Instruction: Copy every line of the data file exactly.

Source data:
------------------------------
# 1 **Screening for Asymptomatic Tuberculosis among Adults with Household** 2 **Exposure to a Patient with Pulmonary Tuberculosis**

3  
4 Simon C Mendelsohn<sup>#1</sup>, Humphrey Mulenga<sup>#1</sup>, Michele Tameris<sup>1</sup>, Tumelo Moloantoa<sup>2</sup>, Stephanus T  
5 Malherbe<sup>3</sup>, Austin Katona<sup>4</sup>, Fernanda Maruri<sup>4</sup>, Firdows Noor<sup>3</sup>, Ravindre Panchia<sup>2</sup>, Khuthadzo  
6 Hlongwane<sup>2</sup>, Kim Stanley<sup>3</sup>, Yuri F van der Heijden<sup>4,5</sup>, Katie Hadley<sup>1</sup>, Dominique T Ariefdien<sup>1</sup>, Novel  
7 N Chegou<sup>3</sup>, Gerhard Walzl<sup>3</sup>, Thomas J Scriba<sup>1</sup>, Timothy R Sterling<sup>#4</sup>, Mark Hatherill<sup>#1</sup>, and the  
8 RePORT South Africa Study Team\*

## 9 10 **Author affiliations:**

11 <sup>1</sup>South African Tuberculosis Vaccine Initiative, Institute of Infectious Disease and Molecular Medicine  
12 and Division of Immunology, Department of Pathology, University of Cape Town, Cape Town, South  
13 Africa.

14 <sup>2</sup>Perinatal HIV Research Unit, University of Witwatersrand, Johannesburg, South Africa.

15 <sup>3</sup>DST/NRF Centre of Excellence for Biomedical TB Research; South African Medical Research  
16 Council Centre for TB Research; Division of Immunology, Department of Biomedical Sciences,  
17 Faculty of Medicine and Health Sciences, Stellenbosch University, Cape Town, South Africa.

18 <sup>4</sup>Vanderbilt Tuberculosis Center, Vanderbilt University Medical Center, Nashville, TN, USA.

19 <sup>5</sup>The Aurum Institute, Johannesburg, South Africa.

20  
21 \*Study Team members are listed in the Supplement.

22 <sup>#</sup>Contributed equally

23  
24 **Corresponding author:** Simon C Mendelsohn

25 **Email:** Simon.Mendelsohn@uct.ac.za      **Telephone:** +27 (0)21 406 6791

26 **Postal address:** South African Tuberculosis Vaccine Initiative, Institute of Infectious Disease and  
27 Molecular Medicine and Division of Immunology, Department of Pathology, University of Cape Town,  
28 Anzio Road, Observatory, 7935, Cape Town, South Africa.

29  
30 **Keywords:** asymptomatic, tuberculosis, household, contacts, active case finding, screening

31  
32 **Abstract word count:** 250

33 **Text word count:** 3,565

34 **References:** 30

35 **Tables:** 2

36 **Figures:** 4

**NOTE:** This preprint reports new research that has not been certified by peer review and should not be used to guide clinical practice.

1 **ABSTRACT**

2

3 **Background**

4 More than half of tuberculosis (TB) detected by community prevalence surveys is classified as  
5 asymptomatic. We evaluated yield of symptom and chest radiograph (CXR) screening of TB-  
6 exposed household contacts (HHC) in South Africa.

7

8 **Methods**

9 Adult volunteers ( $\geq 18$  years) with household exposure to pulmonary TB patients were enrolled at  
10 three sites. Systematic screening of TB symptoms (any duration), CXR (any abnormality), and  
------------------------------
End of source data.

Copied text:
# 1 **Screening for Asymptomatic Tuberculosis among Adults with Household** 2 **Exposure to a Patient with Pulmonary Tuberculosis**

3  
4 Simon C Mendelsohn<sup>#1</sup>, Humphrey Mulenga<sup>#1</sup>, Michele Tameris<sup>1</sup>, Tumelo Moloantoa<sup>2</sup>, Stephanus T  
5 Malherbe<sup>3</sup>, Austin Katona<sup>4</sup>, Fernanda Maruri<sup>4</sup>, Firdows Noor<sup>3</sup>, Ravindre Panchia<sup>2</sup>, Khuthadzo  
6 Hlongwane<sup>2</sup>, Kim Stanley<sup>3</sup>, Yuri F van der Heijden<sup>4,5</sup>, Katie Hadley<sup>1</sup>, Dominique T Ariefdien<sup>1</sup>, Novel  
7 N Chegou<sup>3</sup>, Gerhard Walzl<sup>3</sup>, Thomas J Scriba<sup>1</sup>, Timothy R Sterling<sup>#4</sup>, Mark Hatherill<sup>#1</sup>, and the  
8 RePORT South Africa Study Team\*

## 9 10 **Author affiliations:**

11 <sup>1</sup>South African Tuberculosis Vaccine Initiative, Institute of Infectious Disease and Molecular Medicine  
12 and Division of Immunology, Department of Pathology, University of Cape Town, Cape Town, South  
13 Africa.

14 <sup>2</sup>Perinatal HIV Research Unit, University of Witwatersrand, Johannesburg, South Africa.

15 <sup>3</sup>DST/NRF Centre of Excellence for Biomedical TB Research; South African Medical Research  
16 Council Centre for TB Research; Division of Immunology, Department of Biomedical Sciences,  
17 Faculty of Medicine and Health Sciences, Stellenbosch University, Cape Town, South Africa.

18 <sup>4</sup>Vanderbilt Tuberculosis Center, Vanderbilt University Medical Center, Nashville, TN, USA.

19 <sup>5</sup>The Aurum Institute, Johannesburg, South Africa.

20  
21 \*Study Team members are listed in the Supplement.

22 <sup>#</sup>Contributed equally

23  
24 **Corresponding author:** Simon C Mendelsohn

25 **Email:** Simon.Mendelsohn@uct.ac.za      **Telephone:** +27 (0)21 406 6791

26 **Postal address:** South African Tuberculosis Vaccine Initiative, Institute of Infectious Disease and  
27 Molecular Medicine and Division of Immunology, Department of Pathology, University of Cape Town,  
28 Anzio Road, Observatory, 7935, Cape Town, South Africa.

29  
30 **Keywords:** asymptomatic, tuberculosis, household, contacts, active case finding, screening

31  
32 **Abstract word count:** 250

33 **Text word count:** 3,565

34 **References:** 30

35 **Tables:** 2

36 **Figures:** 4

**NOTE:** This preprint reports new research that has not been certified by peer review and should not be used to guide clinical practice.

1 **ABSTRACT**

2

3 **Background**

4 More than half of tuberculosis (TB) detected by community prevalence surveys is classified as  
5 asymptomatic. We evaluated yield of symptom and chest radiograph (CXR) screening of TB-  
6 exposed household contacts (HHC) in South Africa.

7

8 **Methods**

9 Adult volunteers ( $\geq 18$  years) with household exposure to pulmonary TB patients were enrolled at  
10 three sites. Systematic screening of TB symptoms (any duration), CXR (any abnormality), and  